O'BRIEN: In Europe, not so much.

PETER KELLNER, PRESIDENT, YOUGOV: No, I can't think of an occasion when anybody has said that the Nobel Committee is up to no good.

O'BRIEN: British pollster Peter Kellner also says Europeans are less likely to question science and scientists. And 90 percent of Europeans believe global warming is a clear and present danger. Americans are split down the middle.

Oh, and speaking of that, there's one more factor to throw into the mix.

HORNER: It's those northern Europeans doing what northern European politicians want to do, and that is engage in anti-Bush symbolism.

O'BRIEN: Bush's approval rating in Europe? About 12 to 15 percent. Al Gore may be "The Nutty Professor," but whichever side of the ocean he is on, he is still faring better than the man who beat him seven years ago.


COLLINS: Miles O'Brien joining us now from the streets of Oslo, Norway.

Miles, nice to see you.

So, what's the deal? I mean, is it really fair to say that Europeans are that much more concerned about global warming than Americans?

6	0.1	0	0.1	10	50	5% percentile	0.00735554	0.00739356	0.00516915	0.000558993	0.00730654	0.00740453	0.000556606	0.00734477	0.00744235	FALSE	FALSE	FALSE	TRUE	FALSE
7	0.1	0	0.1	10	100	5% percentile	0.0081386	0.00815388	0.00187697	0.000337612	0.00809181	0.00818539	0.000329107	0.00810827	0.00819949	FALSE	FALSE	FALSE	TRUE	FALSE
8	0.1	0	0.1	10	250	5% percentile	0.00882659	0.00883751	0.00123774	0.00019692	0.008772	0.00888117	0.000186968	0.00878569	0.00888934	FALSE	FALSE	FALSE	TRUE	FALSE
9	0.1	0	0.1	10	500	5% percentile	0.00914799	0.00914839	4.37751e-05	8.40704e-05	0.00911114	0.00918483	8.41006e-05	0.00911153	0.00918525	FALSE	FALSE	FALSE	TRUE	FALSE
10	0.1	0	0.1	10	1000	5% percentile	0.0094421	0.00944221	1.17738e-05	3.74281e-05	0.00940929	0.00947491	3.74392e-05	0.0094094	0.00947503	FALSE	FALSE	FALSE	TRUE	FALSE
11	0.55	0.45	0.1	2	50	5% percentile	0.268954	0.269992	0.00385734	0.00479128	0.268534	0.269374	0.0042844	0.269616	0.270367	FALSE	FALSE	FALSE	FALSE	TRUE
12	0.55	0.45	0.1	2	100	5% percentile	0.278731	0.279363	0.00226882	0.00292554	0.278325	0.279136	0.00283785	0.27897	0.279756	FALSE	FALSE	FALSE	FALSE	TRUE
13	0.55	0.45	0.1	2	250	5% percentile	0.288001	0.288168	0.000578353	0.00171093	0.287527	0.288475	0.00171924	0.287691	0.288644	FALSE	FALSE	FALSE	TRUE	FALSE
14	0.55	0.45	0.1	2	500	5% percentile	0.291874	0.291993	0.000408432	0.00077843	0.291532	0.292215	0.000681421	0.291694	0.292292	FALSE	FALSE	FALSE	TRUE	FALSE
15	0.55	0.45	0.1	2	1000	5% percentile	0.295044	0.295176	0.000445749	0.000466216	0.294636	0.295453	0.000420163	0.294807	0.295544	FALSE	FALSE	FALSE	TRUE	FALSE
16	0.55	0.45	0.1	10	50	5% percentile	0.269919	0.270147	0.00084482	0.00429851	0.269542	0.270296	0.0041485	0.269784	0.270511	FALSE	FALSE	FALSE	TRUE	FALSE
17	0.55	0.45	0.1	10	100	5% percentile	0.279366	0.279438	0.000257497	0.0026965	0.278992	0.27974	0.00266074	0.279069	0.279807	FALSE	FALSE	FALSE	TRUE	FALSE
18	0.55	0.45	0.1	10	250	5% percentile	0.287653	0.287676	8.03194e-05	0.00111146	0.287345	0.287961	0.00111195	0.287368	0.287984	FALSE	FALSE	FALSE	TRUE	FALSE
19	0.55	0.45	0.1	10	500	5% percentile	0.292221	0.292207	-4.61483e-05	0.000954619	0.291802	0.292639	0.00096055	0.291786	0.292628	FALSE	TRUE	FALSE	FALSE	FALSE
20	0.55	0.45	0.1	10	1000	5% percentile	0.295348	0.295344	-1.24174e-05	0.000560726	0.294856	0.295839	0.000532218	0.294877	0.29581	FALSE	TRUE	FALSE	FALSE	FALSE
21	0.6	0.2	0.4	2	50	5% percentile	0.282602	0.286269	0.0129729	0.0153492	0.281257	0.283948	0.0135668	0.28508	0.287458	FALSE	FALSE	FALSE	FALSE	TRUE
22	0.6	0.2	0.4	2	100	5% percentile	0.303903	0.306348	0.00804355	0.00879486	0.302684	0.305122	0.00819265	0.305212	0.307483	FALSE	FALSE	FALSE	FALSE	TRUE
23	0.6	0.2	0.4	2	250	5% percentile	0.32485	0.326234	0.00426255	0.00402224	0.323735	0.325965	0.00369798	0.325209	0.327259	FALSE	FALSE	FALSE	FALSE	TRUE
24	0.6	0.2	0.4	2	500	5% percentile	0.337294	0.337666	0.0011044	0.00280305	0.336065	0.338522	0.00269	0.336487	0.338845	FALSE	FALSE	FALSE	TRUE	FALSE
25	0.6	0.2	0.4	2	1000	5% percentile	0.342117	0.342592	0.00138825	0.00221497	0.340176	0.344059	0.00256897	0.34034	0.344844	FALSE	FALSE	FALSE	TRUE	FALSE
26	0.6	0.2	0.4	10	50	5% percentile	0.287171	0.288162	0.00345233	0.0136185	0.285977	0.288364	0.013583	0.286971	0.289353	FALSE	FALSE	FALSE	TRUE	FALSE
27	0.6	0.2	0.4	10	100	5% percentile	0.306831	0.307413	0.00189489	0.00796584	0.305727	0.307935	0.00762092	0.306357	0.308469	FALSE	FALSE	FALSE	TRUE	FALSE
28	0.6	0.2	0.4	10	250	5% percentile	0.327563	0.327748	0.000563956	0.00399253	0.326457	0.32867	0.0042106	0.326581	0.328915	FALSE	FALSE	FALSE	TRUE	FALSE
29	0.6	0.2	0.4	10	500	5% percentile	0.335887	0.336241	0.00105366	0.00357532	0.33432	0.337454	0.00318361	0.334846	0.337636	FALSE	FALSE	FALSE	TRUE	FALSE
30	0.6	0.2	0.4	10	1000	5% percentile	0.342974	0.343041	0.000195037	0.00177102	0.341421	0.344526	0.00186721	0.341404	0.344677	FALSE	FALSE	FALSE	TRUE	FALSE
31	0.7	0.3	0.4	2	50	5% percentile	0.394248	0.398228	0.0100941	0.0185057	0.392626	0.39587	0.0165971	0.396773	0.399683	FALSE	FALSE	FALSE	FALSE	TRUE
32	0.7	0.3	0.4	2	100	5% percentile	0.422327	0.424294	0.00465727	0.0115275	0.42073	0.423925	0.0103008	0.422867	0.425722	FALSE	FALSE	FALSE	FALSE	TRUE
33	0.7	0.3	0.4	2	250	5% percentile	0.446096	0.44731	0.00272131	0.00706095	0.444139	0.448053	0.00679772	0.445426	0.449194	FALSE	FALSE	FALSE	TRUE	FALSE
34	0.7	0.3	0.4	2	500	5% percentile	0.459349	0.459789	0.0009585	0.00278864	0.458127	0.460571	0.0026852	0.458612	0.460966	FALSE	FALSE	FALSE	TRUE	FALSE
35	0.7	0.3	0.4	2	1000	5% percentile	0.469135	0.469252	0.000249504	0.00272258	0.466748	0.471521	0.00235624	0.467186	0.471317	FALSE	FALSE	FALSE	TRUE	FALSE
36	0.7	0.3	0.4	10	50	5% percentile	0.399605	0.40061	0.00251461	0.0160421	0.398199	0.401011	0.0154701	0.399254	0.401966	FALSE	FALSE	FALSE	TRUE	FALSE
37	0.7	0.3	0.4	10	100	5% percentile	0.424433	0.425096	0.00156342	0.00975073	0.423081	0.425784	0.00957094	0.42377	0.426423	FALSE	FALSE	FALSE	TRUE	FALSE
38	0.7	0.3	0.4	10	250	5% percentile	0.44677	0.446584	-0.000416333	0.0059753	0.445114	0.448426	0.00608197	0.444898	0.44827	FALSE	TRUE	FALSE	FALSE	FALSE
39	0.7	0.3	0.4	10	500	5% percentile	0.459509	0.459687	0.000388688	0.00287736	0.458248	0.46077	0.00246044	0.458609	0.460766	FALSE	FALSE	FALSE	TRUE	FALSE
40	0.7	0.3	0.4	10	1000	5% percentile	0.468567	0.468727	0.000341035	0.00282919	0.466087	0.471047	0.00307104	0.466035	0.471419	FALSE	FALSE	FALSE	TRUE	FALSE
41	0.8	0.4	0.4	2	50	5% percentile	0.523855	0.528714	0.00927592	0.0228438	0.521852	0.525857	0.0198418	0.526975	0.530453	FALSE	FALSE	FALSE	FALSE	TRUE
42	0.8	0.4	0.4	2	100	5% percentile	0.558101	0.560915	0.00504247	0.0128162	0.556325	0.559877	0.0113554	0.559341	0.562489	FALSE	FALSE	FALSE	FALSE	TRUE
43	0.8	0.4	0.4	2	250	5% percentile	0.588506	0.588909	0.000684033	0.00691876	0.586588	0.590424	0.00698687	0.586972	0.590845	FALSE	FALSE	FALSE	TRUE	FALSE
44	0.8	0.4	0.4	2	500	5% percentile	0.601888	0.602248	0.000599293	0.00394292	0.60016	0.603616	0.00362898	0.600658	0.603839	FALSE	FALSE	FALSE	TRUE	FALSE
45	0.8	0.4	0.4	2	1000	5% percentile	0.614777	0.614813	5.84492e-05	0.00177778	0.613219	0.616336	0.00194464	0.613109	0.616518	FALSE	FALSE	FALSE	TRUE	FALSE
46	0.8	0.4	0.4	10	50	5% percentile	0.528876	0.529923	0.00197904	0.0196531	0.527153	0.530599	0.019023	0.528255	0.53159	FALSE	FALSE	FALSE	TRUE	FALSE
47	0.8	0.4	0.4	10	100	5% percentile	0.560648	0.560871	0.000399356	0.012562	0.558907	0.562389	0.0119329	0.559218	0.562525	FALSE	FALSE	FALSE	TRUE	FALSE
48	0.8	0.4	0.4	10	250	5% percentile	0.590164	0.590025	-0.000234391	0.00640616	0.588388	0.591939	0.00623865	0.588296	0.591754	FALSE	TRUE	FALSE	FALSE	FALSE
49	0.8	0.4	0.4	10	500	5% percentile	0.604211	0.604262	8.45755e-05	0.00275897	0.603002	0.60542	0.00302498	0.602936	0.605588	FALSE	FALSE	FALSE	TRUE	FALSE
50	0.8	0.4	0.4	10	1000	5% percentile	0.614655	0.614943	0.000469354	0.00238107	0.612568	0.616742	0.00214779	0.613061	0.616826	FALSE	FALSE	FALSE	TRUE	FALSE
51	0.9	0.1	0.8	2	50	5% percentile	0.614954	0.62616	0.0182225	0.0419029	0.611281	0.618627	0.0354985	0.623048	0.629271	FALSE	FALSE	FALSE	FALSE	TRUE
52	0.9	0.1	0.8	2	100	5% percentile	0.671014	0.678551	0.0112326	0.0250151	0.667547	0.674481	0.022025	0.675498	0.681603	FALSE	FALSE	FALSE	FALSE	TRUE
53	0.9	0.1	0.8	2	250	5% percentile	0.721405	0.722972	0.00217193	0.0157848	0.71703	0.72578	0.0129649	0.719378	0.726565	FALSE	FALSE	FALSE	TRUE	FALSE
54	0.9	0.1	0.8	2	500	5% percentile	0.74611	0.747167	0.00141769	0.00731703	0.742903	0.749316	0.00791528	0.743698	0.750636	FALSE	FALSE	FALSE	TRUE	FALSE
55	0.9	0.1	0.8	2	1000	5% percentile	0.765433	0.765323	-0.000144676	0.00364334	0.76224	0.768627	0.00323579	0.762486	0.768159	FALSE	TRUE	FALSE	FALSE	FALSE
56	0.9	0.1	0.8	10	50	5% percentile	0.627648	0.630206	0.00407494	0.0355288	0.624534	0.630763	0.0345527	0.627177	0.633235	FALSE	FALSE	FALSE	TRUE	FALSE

O'BRIEN: I think so, Heidi. I mean, I think what you have in the United States is kind of a perfect storm. You have, especially in conservative circles, a lot of skepticism about the scientific process and science.

It's viewed as almost a political arm of the liberal side of things, whereas here in Europe, they see scientists as something from the ivory tower, something very different. Couple that with the fact that in the U.S., the oil and gas industry was -- has been successful over the years in muddying the waters on the science and, of course, you've got a former oil man in the Oval Office.

All that, kind of a perfect storm in the U.S., whereas here, none of those factors were in play. And as a result, there's -- Al Gore really, as he is here, is preaching to the choir.

COLLINS: Yes, preaching to a choir who really wants to see him as much as possible. In fact, we've heard rock star status.

What have you seen and heard about his reception there? O'BRIEN: I haven't heard a single person offer a critical word of Al Gore. That's a far cry from what you would get on the streets of New York City or Atlanta.